See Your EE supervisor.
Your supervisor will read and provide feedback on one draft only. Usually your school will have a set deadline by which your draft has to be submitted. Missing this deadline or submitting a very incomplete draft may mean you miss out on useful advice.
Supervisors are only allowed to provide open-ended comments on how you might improve your EE and they may be posed as questions. For example they may say:
Is your research question consistent through the essay, including on the title page?
Check your calculations on this page.
Are you sure this belongs here?
You need to check this page for accuracy of referencing.
There is a strict list of what your supervisor is not allowed to do when reviewing your draft and that is:
Correct spelling and punctuation.
Correct experimental work or calculations.
Re-write any of the essay.
Indicate where whole sections of the essay would be better placed.
Proofread the essay for errors.
Correct bibliographies or citations.
Learning how to edit your own work is an invaluable skill, though it may be painful at first. Some tried-and-true tips for editing as you go along are:
Print out a draft and mark it up by hand, with coloured pens or a pencil. Write on your paper liberally. Circle phrases that just sound 'funny'. Put question marks or 'awk' (short for awkward) when a sentence construction is particularly gawky. Write 'w.c.' when you need to reconsider your word choice, and play around with chopping sentences down in size (this one would be a good example!) or changing around the order of your paragraphs or arguments. For some reason, it is often a lot easier to see these mistakes and visualize changes when you are looking at a printed sheet of paper rather than scrolling down a computer screen.
When you think you have your final draft, print it out and read the entire thing out loud to yourself, pen in hand. Yes, this is tedious. But it is absolutely worth it! I guarantee you, you’ll hear subtle mistakes even when the same text you just read a moment ago appeared fine. It’s not just that your eyes may be tired...After all, punctuation in writing exists to imitate the natural inflections and intonation we have when speaking. Converting your essay back into oral form is the best litmus test for the integrity of your tone and grammar! Try it out!
Relax. Many students are overly worried about writing academic papers simply because they may not be able to visualize what exactly an academic paper will entail, and how it differs from the school papers they have been writing in one form or another since elementary school.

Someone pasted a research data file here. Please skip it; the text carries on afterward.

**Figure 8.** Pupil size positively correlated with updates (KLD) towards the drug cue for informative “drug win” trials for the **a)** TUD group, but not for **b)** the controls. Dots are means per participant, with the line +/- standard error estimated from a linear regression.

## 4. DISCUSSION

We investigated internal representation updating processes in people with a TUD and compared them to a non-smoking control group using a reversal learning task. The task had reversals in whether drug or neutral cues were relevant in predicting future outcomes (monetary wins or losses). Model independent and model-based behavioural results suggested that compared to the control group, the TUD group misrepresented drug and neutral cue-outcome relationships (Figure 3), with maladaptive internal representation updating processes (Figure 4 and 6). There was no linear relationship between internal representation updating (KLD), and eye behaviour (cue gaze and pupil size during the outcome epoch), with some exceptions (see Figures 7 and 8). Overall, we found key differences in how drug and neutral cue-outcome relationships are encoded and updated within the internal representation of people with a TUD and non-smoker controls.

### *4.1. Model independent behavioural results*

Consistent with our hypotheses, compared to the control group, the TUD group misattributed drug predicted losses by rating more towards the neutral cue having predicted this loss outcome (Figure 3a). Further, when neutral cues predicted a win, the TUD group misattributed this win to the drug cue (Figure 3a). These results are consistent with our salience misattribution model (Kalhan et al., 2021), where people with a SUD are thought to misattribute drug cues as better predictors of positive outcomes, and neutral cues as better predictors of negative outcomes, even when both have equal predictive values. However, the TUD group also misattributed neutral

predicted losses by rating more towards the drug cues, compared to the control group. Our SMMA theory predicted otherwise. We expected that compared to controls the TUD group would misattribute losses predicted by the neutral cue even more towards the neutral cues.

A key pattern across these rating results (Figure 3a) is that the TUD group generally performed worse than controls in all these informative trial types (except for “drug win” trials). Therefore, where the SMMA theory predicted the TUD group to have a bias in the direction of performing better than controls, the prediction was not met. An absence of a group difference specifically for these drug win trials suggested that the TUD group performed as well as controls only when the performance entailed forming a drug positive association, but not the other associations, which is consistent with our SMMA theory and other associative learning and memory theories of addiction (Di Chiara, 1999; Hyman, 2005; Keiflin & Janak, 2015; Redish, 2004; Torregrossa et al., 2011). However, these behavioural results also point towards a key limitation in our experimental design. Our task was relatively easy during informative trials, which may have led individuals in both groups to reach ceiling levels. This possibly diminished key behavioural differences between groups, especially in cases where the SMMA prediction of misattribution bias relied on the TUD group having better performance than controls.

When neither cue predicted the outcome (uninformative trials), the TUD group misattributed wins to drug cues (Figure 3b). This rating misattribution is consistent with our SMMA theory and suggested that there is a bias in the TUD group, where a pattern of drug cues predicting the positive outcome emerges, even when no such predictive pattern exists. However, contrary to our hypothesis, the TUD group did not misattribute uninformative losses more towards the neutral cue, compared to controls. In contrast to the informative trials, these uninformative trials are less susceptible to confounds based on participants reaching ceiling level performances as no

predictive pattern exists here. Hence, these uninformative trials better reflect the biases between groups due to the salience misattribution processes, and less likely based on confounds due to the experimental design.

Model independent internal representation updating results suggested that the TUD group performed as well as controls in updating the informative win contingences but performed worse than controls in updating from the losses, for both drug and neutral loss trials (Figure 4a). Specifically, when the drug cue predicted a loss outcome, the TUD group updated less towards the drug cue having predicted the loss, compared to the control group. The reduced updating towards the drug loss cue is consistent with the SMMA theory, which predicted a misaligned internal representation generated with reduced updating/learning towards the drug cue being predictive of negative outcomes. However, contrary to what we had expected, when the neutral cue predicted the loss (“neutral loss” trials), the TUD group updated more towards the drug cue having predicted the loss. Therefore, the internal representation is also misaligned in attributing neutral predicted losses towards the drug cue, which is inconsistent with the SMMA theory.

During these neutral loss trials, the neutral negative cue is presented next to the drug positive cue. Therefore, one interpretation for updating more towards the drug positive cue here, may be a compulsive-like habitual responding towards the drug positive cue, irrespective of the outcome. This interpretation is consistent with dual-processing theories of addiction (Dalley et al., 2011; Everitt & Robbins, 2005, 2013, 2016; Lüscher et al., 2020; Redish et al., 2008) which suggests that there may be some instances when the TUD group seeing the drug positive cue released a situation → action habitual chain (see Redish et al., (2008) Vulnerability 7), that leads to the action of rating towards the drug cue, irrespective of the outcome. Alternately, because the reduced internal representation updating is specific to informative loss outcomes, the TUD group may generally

Here is the quick definition - An academic paper is a piece of formal writing (i.e. unlike a conversational tone such as what I am using now, you will most likely be using the third person voice, and should avoid colloquialisms and unfounded generalizations). At the heart of most academic papers is the thesis statement, which describes what you believe and what you are trying to prove, out of all the research and analysis you have done. All the other points in the paper will go towards supporting your thesis statement.
You will write the Extended Essay to emulate an academic journal article. Because these journal articles are published, there is often a very strict methodology for how you go about writing them. This is great for you, because it means there are a lot of resources, both online and off, available to teach you about these methodologies!
Good luck, and happy writing!
There are many example EEs online that you can access but this can open students up to academic integrity issues.
Your best source of help and information is within your school - your supervisor and the EE supervisor. They can provide you with suitable examples, advice and give you access to relevant sections of the IB Extended Essay Guide.
There are some rules that apply to specific subjects and some examples of these are listed below:
Students doing their EE in language acquisition or classical languages must complete the RPPF in the language of their essay.
EEs submitted in studies in language and literature (language A registrations) cannot be based on a text studied as part of your course.
Economics EEs should relate to economic information, policies, outcomes or events that are no more than approximately five years old.
No, the candidate personal code that you need to add at the top of your RPPF is a 3-letter and 3-number code e.g. ABC123 that you will be able to get from your school. This is different from your candidate number which only includes numerical figures.
The candidate personal code is used instead of your candidate number or name to make your EE anonymous when it is externally marked.